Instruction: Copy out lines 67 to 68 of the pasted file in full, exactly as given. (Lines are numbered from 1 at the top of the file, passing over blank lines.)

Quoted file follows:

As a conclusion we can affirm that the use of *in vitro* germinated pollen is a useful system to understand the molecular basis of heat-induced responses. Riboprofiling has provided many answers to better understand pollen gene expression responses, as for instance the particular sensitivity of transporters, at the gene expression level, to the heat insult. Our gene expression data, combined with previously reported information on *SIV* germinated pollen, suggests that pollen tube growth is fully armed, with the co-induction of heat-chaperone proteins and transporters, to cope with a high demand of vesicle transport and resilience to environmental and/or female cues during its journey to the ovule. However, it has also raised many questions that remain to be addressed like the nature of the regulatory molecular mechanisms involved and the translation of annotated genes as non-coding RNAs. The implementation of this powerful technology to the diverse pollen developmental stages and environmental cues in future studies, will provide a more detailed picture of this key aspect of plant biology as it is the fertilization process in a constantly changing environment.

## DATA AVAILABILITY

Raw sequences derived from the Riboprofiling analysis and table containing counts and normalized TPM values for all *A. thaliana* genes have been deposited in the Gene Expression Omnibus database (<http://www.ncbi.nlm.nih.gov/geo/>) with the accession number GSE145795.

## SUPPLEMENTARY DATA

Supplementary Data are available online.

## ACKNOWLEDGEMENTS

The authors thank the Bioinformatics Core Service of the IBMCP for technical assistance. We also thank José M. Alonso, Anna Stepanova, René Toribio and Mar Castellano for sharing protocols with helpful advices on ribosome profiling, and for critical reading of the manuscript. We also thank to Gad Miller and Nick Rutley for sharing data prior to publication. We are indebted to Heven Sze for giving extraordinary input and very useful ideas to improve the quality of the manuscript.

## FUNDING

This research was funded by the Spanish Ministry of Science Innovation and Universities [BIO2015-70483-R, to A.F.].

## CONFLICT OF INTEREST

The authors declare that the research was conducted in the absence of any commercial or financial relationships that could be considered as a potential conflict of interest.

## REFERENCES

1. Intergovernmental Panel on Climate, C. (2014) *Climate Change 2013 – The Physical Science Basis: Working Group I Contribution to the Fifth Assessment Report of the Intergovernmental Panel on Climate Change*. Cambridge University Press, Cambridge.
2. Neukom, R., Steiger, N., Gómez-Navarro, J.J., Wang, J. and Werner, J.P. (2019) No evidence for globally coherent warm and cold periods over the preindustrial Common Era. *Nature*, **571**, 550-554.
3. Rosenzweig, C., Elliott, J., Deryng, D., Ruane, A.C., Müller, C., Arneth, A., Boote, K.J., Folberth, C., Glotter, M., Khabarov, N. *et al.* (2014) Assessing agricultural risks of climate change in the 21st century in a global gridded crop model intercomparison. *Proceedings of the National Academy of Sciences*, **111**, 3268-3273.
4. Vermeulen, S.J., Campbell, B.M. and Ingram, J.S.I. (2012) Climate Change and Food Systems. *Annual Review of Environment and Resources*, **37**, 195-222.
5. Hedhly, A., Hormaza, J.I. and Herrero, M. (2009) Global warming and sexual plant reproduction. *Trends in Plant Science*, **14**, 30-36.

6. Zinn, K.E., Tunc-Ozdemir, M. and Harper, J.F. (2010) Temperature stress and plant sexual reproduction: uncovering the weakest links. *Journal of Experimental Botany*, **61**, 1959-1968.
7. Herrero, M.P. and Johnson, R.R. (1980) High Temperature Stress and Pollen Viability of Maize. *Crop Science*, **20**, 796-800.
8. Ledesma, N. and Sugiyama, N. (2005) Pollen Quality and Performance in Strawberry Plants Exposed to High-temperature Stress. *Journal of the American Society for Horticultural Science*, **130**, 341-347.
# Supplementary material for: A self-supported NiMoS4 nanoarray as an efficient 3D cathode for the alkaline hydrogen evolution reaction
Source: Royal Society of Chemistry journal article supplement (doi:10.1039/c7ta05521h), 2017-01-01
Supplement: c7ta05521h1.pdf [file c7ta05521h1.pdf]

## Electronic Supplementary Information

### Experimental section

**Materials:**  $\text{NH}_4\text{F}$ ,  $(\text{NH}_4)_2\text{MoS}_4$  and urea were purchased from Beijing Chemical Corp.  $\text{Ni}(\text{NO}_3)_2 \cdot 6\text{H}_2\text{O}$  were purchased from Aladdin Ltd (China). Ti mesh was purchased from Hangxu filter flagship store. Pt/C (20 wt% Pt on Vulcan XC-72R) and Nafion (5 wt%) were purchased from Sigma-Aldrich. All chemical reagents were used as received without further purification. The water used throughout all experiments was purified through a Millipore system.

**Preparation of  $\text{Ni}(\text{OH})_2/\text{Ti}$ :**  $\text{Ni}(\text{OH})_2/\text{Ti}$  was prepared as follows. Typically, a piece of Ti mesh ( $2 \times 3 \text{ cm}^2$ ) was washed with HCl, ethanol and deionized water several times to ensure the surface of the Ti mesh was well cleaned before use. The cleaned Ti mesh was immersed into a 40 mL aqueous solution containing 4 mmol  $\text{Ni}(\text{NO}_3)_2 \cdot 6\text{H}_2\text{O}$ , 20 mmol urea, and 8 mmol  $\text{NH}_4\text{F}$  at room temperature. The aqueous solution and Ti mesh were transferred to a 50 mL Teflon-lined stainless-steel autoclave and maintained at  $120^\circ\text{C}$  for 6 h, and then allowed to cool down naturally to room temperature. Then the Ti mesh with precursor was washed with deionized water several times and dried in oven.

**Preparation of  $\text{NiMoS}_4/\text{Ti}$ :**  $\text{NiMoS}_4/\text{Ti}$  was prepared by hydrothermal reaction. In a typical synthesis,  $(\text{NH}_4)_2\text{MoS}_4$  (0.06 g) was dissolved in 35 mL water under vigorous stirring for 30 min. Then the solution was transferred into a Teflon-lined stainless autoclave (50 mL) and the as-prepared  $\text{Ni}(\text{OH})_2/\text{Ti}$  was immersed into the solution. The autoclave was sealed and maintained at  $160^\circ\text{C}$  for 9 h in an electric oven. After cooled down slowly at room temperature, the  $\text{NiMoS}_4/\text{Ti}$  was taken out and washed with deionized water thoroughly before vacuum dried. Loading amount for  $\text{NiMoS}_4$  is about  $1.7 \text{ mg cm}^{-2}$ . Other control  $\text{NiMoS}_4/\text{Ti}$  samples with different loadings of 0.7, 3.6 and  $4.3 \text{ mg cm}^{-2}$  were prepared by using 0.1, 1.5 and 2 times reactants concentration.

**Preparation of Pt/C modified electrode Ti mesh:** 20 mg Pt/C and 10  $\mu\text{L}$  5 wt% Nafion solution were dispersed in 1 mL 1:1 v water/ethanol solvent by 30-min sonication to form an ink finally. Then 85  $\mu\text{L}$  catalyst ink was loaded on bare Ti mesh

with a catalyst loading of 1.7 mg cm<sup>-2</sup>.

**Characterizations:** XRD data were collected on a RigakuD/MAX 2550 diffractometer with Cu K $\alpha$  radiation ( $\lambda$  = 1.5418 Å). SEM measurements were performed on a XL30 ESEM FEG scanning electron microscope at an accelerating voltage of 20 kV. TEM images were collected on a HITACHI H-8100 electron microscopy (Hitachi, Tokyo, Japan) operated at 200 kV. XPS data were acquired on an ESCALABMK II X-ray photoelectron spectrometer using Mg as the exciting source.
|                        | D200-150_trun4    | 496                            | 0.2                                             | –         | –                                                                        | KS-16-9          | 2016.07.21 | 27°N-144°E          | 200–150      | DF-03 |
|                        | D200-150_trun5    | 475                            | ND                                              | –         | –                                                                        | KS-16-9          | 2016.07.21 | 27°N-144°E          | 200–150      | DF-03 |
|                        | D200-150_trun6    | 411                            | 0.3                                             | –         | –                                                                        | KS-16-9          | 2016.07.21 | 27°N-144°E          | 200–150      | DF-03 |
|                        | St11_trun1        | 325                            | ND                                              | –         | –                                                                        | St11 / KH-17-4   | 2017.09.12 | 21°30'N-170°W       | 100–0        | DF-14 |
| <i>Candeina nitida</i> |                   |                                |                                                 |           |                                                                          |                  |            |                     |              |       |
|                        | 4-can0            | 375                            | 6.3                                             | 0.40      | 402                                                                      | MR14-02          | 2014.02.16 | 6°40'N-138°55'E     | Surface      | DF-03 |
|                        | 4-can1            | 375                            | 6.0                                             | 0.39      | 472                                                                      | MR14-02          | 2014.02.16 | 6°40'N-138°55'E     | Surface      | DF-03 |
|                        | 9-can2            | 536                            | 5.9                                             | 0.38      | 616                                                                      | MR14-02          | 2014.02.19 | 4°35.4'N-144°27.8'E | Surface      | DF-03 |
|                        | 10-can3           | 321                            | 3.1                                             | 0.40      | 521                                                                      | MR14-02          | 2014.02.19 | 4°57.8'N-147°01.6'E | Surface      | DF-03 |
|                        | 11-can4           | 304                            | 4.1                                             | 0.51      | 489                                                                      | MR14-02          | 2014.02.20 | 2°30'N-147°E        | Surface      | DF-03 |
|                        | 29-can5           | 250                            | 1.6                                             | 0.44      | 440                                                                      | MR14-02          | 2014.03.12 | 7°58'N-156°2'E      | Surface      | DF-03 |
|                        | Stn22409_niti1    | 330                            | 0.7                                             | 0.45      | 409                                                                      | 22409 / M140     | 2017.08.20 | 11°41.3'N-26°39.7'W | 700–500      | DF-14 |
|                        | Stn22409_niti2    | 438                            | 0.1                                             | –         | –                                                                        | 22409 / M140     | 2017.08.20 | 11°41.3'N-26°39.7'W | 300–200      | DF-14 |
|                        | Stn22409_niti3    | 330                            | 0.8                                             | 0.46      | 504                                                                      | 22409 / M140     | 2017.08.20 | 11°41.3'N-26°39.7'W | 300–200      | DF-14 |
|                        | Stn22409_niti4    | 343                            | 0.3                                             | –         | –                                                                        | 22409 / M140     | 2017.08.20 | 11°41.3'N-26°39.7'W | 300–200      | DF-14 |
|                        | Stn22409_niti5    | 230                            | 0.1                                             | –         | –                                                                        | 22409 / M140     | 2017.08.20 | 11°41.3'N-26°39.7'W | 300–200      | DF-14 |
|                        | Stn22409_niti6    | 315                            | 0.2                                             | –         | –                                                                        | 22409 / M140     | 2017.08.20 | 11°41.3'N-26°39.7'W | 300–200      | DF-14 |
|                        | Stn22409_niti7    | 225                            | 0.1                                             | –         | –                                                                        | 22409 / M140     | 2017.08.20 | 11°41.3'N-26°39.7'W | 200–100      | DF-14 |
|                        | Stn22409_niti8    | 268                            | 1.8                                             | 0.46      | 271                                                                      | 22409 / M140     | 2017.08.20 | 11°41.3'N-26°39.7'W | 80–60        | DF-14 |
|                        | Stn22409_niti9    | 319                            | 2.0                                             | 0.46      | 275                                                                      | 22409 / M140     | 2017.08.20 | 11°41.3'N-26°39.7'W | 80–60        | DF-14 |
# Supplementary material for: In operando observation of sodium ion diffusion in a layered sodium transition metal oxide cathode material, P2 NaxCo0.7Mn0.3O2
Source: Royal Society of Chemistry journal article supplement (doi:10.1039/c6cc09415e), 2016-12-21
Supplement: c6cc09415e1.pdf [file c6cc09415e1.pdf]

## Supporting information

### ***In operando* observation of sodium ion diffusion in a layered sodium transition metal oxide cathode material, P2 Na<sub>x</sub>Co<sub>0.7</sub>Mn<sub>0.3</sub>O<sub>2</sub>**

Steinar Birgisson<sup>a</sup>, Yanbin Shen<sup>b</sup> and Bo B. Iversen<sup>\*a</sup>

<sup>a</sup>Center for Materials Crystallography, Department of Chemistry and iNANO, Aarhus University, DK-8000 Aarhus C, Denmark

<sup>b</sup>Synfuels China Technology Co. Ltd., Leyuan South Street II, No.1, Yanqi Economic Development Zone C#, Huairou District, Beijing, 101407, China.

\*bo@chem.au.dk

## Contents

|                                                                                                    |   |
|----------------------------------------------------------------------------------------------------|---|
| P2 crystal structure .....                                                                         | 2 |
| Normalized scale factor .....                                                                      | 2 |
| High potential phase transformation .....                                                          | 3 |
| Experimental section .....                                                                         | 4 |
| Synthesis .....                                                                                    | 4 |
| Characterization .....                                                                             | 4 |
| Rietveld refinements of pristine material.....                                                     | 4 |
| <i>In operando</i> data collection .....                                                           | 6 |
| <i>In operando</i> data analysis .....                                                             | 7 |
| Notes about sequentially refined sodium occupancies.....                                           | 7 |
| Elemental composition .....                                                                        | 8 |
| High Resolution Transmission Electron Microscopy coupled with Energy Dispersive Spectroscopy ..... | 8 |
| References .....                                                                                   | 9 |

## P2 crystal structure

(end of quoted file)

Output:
| Experimental section .....                                                                         | 4 |
| Synthesis .....                                                                                    | 4 |